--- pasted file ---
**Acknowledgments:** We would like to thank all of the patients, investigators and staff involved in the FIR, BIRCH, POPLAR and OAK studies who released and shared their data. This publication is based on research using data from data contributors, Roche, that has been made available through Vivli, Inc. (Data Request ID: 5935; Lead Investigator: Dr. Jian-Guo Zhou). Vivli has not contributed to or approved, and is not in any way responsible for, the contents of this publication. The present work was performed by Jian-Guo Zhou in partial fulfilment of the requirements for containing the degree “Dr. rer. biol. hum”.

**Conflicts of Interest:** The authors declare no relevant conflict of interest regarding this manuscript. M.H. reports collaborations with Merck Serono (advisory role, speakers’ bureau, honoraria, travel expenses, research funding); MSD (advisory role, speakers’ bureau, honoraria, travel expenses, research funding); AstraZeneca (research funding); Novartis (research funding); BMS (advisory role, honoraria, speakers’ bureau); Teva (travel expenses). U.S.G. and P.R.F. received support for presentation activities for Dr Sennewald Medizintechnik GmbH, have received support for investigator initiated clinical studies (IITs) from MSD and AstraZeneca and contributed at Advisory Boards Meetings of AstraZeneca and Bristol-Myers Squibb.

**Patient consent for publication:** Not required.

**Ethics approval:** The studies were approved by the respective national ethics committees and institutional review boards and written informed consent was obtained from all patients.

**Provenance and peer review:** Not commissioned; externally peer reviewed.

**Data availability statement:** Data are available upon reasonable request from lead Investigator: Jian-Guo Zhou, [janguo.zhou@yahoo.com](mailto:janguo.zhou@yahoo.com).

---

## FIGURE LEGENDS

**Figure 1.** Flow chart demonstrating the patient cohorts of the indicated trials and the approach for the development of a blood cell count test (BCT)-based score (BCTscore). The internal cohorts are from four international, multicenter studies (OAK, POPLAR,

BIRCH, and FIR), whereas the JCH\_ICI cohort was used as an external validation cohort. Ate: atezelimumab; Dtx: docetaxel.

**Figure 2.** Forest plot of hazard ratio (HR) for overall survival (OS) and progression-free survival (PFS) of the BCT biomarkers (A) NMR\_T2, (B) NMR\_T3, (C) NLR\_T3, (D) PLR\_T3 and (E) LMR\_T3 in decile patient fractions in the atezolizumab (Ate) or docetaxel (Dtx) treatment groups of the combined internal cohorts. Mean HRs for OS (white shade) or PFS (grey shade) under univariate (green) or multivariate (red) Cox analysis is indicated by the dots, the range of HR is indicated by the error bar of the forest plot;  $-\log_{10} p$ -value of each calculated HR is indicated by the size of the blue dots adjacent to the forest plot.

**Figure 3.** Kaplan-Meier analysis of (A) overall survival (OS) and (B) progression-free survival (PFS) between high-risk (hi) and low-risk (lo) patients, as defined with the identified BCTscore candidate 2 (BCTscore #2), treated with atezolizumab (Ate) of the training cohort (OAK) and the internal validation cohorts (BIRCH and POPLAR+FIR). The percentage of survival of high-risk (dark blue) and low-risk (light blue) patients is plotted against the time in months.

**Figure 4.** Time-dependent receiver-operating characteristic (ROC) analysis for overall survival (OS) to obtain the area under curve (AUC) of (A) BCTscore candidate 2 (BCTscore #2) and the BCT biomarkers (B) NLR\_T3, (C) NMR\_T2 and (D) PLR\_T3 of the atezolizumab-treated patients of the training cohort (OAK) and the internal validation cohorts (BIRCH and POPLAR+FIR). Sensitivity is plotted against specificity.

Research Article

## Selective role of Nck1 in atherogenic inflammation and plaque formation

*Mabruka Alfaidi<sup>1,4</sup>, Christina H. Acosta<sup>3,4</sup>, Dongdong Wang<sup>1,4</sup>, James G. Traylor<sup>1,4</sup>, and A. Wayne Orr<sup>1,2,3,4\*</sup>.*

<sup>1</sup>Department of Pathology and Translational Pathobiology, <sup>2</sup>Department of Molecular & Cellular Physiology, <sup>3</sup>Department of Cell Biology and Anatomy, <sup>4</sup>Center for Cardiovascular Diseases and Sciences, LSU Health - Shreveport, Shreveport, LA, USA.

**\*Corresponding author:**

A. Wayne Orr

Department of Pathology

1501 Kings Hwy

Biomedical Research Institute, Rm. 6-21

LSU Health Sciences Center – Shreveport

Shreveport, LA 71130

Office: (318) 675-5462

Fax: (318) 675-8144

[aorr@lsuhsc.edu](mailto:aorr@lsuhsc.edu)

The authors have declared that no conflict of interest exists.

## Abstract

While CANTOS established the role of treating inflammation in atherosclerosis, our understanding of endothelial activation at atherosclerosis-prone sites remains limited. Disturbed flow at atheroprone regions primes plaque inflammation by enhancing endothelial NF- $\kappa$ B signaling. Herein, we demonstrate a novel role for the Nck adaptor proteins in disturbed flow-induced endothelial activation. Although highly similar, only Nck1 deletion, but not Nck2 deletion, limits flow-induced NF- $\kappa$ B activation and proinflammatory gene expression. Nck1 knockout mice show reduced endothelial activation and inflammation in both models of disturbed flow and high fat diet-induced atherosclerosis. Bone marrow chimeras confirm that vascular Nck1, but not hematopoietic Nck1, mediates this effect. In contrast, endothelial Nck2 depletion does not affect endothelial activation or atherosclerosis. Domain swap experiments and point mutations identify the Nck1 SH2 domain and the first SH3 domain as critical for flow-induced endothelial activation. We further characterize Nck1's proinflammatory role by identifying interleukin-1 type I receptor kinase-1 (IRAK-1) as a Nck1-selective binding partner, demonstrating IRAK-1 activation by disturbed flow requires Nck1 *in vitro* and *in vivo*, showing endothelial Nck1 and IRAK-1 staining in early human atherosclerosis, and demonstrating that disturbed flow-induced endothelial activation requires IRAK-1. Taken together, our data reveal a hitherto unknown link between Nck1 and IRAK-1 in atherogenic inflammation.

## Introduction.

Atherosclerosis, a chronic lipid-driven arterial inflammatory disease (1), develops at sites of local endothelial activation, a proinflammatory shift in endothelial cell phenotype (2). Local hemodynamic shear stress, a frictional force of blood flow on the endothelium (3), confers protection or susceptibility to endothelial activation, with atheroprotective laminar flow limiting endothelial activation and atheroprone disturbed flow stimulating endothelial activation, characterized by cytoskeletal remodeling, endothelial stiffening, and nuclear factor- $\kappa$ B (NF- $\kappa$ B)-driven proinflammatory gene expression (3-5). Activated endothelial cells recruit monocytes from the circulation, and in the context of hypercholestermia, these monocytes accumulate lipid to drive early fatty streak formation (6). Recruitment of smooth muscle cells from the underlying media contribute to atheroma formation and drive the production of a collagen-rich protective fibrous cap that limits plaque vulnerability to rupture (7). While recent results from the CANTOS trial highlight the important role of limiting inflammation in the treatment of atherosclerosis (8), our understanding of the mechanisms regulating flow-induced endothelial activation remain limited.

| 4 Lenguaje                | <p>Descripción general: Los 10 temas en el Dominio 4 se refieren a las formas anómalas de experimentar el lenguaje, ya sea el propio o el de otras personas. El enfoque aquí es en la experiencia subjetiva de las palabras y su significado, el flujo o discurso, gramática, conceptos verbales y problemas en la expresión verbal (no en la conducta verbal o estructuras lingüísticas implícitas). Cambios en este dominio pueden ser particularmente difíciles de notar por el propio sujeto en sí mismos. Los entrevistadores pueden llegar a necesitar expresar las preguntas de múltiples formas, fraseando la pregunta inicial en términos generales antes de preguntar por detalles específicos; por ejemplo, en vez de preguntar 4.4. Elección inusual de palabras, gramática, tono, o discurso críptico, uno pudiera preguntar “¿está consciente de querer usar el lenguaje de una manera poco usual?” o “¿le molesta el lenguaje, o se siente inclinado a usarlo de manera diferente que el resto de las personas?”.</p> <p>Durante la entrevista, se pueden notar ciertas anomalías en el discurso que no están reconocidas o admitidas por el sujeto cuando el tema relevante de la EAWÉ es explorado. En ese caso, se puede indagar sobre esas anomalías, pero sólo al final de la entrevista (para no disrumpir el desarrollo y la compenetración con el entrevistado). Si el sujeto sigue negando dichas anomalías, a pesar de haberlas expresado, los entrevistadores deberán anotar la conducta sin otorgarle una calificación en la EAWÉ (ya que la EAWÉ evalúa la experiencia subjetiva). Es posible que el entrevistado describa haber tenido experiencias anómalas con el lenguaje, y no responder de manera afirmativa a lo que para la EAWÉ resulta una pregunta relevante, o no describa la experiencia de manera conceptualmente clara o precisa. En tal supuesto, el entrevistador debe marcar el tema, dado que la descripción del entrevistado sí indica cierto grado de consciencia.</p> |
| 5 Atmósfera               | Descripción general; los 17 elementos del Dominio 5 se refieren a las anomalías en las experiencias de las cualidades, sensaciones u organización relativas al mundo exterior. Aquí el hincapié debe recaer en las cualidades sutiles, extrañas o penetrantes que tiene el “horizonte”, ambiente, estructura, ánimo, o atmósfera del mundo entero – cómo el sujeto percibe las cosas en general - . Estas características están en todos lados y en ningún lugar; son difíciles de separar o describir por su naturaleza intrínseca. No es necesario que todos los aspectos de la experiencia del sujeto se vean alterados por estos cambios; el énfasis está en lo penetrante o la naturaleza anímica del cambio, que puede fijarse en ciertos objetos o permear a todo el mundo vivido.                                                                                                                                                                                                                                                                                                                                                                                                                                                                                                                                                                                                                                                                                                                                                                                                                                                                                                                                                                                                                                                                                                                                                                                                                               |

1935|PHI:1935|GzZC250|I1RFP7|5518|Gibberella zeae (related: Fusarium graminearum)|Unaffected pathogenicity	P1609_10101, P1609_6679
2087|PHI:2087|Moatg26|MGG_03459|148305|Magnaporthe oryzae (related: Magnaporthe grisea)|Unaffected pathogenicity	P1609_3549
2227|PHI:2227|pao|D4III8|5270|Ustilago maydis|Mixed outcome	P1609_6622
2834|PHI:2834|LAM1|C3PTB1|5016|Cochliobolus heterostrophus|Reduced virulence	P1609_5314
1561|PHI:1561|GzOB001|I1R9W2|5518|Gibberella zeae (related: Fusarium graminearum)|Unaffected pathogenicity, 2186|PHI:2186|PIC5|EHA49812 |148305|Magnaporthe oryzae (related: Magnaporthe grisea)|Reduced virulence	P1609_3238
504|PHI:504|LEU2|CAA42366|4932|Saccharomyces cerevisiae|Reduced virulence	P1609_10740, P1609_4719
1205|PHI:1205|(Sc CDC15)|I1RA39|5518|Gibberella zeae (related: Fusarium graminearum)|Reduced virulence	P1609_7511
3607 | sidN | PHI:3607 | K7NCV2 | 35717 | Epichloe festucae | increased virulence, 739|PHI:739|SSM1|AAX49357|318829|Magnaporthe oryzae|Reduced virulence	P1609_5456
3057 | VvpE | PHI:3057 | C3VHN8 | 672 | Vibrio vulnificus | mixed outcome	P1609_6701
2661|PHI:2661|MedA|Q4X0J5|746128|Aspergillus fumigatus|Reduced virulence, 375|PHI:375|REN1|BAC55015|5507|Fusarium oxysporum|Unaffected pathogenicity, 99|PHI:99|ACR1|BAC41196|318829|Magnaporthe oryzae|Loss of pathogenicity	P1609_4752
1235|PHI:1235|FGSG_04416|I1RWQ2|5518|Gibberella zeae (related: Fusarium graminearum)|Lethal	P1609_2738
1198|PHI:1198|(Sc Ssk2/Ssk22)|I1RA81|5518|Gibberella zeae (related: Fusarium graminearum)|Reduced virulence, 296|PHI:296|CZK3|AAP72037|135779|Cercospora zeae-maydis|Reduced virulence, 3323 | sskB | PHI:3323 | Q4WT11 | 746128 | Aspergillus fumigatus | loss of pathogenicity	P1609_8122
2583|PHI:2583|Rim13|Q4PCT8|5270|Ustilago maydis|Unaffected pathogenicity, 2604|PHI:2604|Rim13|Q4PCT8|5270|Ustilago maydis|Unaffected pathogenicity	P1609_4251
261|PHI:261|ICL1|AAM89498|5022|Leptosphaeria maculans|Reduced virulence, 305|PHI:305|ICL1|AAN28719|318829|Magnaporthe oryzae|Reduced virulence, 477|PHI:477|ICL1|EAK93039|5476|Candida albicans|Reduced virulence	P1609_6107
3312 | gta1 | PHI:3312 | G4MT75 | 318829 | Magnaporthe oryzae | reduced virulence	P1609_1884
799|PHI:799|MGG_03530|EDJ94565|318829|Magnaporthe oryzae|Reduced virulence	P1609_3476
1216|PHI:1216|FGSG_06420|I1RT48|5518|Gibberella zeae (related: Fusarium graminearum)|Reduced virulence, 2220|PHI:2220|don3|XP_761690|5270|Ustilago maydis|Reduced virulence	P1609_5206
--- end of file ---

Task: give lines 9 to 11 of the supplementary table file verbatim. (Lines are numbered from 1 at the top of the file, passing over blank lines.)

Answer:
**Figure 1.** Flow chart demonstrating the patient cohorts of the indicated trials and the approach for the development of a blood cell count test (BCT)-based score (BCTscore). The internal cohorts are from four international, multicenter studies (OAK, POPLAR,

BIRCH, and FIR), whereas the JCH\_ICI cohort was used as an external validation cohort. Ate: atezelimumab; Dtx: docetaxel.

**Figure 2.** Forest plot of hazard ratio (HR) for overall survival (OS) and progression-free survival (PFS) of the BCT biomarkers (A) NMR\_T2, (B) NMR\_T3, (C) NLR\_T3, (D) PLR\_T3 and (E) LMR\_T3 in decile patient fractions in the atezolizumab (Ate) or docetaxel (Dtx) treatment groups of the combined internal cohorts. Mean HRs for OS (white shade) or PFS (grey shade) under univariate (green) or multivariate (red) Cox analysis is indicated by the dots, the range of HR is indicated by the error bar of the forest plot;  $-\log_{10} p$ -value of each calculated HR is indicated by the size of the blue dots adjacent to the forest plot.